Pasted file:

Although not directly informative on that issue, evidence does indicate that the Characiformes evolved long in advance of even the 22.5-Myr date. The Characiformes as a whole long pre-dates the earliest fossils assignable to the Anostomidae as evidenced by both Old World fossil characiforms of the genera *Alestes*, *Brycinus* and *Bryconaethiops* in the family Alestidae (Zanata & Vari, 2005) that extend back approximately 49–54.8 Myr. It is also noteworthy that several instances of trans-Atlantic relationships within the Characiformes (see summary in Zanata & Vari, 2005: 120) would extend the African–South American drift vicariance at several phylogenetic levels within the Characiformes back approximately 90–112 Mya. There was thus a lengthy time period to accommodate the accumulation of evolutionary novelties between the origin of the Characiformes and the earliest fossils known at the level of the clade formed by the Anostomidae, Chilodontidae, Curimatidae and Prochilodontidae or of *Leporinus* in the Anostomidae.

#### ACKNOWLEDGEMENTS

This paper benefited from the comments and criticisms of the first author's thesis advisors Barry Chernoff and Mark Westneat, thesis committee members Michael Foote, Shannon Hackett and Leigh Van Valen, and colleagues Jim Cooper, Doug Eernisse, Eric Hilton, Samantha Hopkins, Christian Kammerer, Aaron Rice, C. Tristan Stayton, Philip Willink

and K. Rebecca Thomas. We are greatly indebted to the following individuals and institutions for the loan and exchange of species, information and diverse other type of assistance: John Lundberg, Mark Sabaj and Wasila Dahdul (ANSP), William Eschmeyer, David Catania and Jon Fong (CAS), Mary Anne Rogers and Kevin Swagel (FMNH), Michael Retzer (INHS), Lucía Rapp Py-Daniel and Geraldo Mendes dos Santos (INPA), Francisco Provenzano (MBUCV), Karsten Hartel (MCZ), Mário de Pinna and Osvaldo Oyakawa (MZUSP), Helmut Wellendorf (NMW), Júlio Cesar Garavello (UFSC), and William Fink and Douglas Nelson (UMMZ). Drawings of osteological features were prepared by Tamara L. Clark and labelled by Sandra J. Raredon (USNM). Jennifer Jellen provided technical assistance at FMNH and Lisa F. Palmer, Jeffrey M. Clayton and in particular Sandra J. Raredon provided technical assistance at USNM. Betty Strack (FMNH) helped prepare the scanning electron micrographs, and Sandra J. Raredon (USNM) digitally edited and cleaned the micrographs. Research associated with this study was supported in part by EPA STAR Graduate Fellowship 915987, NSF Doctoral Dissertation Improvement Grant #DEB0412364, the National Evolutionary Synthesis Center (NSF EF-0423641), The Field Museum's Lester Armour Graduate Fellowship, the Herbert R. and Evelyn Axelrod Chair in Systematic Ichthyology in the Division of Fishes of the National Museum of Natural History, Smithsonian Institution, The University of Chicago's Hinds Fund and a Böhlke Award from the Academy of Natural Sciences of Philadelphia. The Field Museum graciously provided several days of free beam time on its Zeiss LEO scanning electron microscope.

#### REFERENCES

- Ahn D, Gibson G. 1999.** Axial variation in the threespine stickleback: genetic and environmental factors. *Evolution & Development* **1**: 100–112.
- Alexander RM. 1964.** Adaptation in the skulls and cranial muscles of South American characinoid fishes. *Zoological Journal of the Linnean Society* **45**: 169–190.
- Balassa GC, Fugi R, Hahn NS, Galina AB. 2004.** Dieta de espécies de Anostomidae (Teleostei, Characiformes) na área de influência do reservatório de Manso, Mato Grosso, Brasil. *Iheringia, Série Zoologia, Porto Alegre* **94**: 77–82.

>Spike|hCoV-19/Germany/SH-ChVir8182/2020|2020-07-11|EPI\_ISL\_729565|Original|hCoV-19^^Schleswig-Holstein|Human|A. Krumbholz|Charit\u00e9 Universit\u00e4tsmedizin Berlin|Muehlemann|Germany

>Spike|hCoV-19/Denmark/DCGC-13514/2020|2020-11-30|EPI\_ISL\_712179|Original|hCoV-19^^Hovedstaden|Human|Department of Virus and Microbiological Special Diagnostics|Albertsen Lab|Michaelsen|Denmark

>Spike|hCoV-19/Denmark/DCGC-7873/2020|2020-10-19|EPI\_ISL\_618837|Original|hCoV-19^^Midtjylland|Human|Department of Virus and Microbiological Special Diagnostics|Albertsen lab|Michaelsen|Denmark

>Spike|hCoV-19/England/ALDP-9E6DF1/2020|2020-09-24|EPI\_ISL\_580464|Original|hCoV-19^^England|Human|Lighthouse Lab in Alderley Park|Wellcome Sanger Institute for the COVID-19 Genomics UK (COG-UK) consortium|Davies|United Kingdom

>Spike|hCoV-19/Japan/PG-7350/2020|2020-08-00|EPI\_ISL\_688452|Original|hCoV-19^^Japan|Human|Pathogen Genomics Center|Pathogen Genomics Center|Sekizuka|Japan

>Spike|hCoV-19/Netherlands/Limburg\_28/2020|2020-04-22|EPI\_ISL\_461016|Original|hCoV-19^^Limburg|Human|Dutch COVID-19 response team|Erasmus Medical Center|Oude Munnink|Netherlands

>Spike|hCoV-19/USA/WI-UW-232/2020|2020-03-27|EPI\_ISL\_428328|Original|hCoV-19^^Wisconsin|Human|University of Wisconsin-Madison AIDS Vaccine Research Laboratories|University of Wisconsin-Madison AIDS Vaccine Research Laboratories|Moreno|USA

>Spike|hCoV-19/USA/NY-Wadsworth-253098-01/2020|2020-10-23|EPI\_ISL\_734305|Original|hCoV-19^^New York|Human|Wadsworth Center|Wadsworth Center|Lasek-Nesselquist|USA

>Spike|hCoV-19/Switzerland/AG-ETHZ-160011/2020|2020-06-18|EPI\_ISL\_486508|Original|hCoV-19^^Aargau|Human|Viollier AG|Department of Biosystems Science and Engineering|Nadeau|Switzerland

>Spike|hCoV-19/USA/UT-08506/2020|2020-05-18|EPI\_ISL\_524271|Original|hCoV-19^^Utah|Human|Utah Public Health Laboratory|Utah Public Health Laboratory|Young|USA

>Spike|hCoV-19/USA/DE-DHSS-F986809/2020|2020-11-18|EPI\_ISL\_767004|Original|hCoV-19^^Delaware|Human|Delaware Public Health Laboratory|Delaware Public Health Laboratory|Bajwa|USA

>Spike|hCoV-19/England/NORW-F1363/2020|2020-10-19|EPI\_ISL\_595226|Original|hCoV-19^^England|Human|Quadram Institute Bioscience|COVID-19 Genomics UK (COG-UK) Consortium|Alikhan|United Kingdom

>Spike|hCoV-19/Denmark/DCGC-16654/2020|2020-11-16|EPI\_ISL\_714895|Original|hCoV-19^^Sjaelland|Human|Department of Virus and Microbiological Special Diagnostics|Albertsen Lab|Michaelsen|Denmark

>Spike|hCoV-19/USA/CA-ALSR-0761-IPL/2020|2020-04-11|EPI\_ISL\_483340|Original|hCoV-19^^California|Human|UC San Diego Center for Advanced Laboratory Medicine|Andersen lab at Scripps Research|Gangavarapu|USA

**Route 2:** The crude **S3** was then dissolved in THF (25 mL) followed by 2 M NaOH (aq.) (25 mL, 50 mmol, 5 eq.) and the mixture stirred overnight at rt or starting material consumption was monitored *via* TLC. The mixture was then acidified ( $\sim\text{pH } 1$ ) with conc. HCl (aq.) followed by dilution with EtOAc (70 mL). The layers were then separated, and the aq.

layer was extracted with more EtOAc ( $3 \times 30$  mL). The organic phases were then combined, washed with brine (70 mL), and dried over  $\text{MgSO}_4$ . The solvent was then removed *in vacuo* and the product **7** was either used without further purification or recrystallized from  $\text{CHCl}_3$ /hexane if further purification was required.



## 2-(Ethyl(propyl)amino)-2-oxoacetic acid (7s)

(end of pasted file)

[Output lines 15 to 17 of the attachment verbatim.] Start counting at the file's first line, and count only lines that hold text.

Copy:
>Spike|hCoV-19/USA/WI-UW-232/2020|2020-03-27|EPI\_ISL\_428328|Original|hCoV-19^^Wisconsin|Human|University of Wisconsin-Madison AIDS Vaccine Research Laboratories|University of Wisconsin-Madison AIDS Vaccine Research Laboratories|Moreno|USA

>Spike|hCoV-19/USA/NY-Wadsworth-253098-01/2020|2020-10-23|EPI\_ISL\_734305|Original|hCoV-19^^New York|Human|Wadsworth Center|Wadsworth Center|Lasek-Nesselquist|USA

>Spike|hCoV-19/Switzerland/AG-ETHZ-160011/2020|2020-06-18|EPI\_ISL\_486508|Original|hCoV-19^^Aargau|Human|Viollier AG|Department of Biosystems Science and Engineering|Nadeau|Switzerland